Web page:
The Use and Abuse of Holocaust Memory

Bradley Lecture
By Walter Reich
Posted: Monday, November 28, 2005

Publication Date: November 14, 2005

I’m very grateful to Chris DeMuth and to the AEI for inviting me to give this Bradley Lecture. It’s a privilege to speak about a subject that means a lot to me before an audience that means a lot to me. This is a case in which the seriousness of the topic is matched and deepened by the seriousness of those who’ve come here to engage it. For this opportunity I thank you, Chris, I thank the AEI and I thank the Bradley Foundation.

The Irony of Holocaust Memory: Even as It Grows Stronger, It Grows More Vulnerable to Distortion and Misuse

This talk is about Holocaust memory, and I want to be clear, at the outset, about what I mean by that term.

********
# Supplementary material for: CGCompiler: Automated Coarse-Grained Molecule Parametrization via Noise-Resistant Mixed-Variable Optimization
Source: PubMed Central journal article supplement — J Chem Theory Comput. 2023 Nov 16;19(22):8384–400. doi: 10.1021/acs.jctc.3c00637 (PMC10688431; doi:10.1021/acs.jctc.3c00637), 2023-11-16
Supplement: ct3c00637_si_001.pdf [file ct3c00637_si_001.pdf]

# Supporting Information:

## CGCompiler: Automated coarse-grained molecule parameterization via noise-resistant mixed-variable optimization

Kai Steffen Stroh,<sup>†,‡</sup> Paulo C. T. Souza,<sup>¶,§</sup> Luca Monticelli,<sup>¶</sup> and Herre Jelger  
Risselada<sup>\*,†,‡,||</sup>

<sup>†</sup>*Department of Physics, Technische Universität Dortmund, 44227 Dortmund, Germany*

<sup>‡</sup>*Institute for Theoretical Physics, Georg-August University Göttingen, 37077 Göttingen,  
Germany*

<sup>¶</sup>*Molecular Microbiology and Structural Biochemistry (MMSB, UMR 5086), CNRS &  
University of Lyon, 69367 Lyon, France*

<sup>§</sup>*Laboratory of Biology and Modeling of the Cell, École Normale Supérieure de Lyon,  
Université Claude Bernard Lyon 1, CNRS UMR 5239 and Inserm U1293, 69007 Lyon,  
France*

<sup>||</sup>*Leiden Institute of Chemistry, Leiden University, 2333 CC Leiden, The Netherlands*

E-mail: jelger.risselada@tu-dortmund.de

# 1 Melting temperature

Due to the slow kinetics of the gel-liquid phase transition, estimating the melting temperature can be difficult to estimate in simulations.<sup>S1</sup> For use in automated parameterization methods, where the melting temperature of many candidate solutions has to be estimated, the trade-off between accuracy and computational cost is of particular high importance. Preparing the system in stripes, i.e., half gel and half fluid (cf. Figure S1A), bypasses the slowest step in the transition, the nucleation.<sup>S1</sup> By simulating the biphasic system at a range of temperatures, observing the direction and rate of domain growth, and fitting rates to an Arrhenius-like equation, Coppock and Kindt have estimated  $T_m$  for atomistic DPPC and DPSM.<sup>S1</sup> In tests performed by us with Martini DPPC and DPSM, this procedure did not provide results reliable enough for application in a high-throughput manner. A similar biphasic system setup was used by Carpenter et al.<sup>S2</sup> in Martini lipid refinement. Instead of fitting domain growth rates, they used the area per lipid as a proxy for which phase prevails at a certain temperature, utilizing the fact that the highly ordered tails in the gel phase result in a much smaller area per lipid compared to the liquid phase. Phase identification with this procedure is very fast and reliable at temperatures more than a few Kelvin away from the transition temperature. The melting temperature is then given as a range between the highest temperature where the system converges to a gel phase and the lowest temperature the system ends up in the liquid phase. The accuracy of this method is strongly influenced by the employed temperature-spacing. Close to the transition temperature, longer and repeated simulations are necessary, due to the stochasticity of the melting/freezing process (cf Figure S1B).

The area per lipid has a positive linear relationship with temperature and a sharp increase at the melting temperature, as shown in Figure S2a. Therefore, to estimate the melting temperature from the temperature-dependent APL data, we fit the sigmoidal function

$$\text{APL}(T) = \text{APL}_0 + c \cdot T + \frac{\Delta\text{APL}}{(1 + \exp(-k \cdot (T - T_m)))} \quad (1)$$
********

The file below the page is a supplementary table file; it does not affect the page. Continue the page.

By “Holocaust memoryâ€? I mean the public’s consciousness of the Holocaust in the years since the event–that is, what the public has known, or at least what it has thought it has known, about the Holocaust. And that consciousness, in turn, has depended on a number of factors that have changed radically over time. Those factors have included the readiness of Holocaust survivors to talk about the Holocaust; the readiness of Jewish communities around the world to talk about it or to have it be talked about; the readiness of governments, the media and the general public to focus on it; and, once the Holocaust did become the focus of general interest some thirty years after the event, the ways in which it has been presented to the public, both accurately and, too often, inaccurately, and what the public has absorbed from those presentations. For full text.